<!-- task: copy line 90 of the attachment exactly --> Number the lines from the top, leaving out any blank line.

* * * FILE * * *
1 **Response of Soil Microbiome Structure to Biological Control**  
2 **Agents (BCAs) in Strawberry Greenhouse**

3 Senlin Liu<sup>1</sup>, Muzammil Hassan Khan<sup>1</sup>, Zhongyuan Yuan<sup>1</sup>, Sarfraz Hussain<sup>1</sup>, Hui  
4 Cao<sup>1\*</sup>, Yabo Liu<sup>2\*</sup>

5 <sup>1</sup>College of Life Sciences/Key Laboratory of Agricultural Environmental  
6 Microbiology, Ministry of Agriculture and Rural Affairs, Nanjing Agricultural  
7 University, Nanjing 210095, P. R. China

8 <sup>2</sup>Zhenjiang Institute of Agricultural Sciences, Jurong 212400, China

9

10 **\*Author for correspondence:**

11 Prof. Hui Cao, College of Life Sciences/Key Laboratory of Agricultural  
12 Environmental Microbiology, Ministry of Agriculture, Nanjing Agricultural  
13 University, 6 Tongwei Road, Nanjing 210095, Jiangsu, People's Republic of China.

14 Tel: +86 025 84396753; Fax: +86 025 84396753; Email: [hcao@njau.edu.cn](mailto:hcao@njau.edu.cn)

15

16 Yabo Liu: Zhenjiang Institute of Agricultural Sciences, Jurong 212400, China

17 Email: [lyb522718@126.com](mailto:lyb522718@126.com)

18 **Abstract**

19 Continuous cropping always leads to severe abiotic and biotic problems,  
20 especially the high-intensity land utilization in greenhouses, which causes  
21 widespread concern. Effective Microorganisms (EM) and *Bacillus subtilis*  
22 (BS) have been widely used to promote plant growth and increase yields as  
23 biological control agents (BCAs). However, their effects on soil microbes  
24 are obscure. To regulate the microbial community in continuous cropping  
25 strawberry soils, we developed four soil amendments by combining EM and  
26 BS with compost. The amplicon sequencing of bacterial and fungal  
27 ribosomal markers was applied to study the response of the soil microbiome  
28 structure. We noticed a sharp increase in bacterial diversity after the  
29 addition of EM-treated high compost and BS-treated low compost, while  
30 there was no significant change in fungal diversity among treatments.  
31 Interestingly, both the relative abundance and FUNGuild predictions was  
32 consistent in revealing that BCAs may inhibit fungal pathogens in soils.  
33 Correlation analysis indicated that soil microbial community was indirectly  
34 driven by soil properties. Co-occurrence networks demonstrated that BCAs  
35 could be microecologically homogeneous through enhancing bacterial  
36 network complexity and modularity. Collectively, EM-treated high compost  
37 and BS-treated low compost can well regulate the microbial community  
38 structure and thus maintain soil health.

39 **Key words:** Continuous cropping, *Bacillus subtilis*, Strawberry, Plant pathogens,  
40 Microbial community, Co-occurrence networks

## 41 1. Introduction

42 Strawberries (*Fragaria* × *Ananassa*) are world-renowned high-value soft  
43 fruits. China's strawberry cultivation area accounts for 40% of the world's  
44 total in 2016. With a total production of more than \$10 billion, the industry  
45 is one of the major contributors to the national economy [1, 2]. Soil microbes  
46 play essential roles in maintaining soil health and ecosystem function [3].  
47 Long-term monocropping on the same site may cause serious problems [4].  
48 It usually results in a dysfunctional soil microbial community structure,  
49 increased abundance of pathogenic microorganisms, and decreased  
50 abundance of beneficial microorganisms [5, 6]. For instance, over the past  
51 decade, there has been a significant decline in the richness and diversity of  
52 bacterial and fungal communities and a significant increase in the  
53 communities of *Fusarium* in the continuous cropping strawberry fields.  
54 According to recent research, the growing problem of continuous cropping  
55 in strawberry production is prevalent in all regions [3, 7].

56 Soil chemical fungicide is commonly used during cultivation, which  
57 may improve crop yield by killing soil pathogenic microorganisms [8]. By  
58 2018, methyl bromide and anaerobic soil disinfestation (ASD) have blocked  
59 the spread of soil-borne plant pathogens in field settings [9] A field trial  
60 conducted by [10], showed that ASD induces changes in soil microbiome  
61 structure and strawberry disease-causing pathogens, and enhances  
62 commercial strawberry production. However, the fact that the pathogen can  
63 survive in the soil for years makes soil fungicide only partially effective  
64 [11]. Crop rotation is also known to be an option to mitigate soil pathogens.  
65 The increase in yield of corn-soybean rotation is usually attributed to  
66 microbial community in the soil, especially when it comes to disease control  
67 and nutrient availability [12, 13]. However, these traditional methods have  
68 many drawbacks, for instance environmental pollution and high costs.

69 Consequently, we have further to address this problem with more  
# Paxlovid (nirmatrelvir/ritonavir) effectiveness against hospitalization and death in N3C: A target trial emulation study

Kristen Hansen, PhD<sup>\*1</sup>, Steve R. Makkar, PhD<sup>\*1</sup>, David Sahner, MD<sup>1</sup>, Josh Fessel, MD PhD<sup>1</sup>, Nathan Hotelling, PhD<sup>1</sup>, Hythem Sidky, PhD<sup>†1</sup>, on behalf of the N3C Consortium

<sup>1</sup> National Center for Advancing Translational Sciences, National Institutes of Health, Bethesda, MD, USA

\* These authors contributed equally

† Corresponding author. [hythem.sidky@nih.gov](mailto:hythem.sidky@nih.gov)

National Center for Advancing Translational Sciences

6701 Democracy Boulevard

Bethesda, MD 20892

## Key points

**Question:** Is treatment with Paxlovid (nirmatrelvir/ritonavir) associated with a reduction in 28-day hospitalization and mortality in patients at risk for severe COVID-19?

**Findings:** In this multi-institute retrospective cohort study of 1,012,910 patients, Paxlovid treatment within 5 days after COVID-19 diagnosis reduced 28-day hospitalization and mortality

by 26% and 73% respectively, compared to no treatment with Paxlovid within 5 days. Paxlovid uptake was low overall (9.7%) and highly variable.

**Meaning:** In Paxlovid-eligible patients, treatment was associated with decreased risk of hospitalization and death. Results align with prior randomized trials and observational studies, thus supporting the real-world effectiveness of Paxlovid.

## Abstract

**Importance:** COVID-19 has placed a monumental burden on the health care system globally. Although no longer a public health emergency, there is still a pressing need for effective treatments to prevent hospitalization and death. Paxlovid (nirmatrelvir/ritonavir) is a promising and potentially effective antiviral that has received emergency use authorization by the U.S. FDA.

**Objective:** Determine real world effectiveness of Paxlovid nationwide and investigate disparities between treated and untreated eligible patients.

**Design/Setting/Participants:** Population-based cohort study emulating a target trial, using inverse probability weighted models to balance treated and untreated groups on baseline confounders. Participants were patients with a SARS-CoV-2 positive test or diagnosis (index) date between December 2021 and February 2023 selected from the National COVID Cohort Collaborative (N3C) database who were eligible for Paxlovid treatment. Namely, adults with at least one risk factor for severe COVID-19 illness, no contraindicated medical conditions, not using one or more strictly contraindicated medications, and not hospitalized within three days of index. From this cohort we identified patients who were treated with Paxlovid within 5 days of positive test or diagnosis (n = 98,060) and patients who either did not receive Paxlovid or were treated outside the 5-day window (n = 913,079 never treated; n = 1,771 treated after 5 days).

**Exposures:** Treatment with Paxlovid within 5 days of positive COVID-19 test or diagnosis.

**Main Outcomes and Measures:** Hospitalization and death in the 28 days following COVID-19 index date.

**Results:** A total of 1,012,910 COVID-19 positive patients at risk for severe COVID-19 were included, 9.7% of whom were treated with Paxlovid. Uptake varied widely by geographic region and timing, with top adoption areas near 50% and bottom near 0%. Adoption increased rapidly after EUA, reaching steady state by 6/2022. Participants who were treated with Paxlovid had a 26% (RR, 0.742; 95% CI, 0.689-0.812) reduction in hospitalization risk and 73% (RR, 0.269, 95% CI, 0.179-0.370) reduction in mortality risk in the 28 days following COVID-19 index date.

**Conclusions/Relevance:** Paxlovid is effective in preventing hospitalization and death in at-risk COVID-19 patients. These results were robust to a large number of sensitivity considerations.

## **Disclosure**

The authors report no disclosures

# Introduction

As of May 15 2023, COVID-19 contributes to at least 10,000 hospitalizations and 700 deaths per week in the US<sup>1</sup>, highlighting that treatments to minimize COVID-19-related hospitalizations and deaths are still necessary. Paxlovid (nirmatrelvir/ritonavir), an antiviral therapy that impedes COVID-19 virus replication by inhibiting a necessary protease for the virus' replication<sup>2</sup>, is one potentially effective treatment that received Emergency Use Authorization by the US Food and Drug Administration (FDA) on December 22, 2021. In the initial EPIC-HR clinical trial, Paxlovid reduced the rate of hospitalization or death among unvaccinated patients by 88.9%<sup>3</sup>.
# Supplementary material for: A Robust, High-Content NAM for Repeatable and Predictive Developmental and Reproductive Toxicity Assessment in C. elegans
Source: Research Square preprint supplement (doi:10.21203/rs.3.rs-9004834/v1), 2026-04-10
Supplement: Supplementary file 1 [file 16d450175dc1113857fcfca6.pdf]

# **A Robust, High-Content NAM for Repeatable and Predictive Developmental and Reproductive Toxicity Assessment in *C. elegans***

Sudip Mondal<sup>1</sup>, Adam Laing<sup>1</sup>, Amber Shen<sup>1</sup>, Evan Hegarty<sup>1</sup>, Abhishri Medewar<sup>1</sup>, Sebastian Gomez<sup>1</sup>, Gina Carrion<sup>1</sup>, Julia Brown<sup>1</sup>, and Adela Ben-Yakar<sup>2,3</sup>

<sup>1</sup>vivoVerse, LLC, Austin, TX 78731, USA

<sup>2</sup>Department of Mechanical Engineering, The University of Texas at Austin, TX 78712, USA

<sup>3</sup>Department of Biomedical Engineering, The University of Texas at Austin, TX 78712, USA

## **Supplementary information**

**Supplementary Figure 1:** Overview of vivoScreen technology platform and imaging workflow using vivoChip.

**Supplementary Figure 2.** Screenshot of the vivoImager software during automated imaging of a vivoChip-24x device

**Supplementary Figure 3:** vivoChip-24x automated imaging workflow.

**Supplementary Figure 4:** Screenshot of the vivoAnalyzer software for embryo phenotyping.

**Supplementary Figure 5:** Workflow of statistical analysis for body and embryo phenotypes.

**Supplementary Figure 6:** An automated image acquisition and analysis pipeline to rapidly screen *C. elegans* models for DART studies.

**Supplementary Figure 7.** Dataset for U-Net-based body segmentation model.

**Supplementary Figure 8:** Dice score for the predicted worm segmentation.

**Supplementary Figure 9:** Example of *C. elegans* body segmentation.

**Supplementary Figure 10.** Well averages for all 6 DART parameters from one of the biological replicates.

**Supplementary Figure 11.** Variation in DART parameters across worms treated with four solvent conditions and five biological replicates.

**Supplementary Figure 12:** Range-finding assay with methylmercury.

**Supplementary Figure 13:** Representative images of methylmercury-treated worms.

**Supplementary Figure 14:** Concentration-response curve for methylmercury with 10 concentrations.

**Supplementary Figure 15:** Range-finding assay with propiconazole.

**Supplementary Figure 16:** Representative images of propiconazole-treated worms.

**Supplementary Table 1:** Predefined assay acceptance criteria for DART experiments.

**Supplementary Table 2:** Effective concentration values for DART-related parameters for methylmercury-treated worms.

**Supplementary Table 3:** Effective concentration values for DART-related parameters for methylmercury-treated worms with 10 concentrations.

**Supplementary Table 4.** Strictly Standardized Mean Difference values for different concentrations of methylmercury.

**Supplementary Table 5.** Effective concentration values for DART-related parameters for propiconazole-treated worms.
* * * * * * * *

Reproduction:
**Conclusions/Relevance:** Paxlovid is effective in preventing hospitalization and death in at-risk COVID-19 patients. These results were robust to a large number of sensitivity considerations.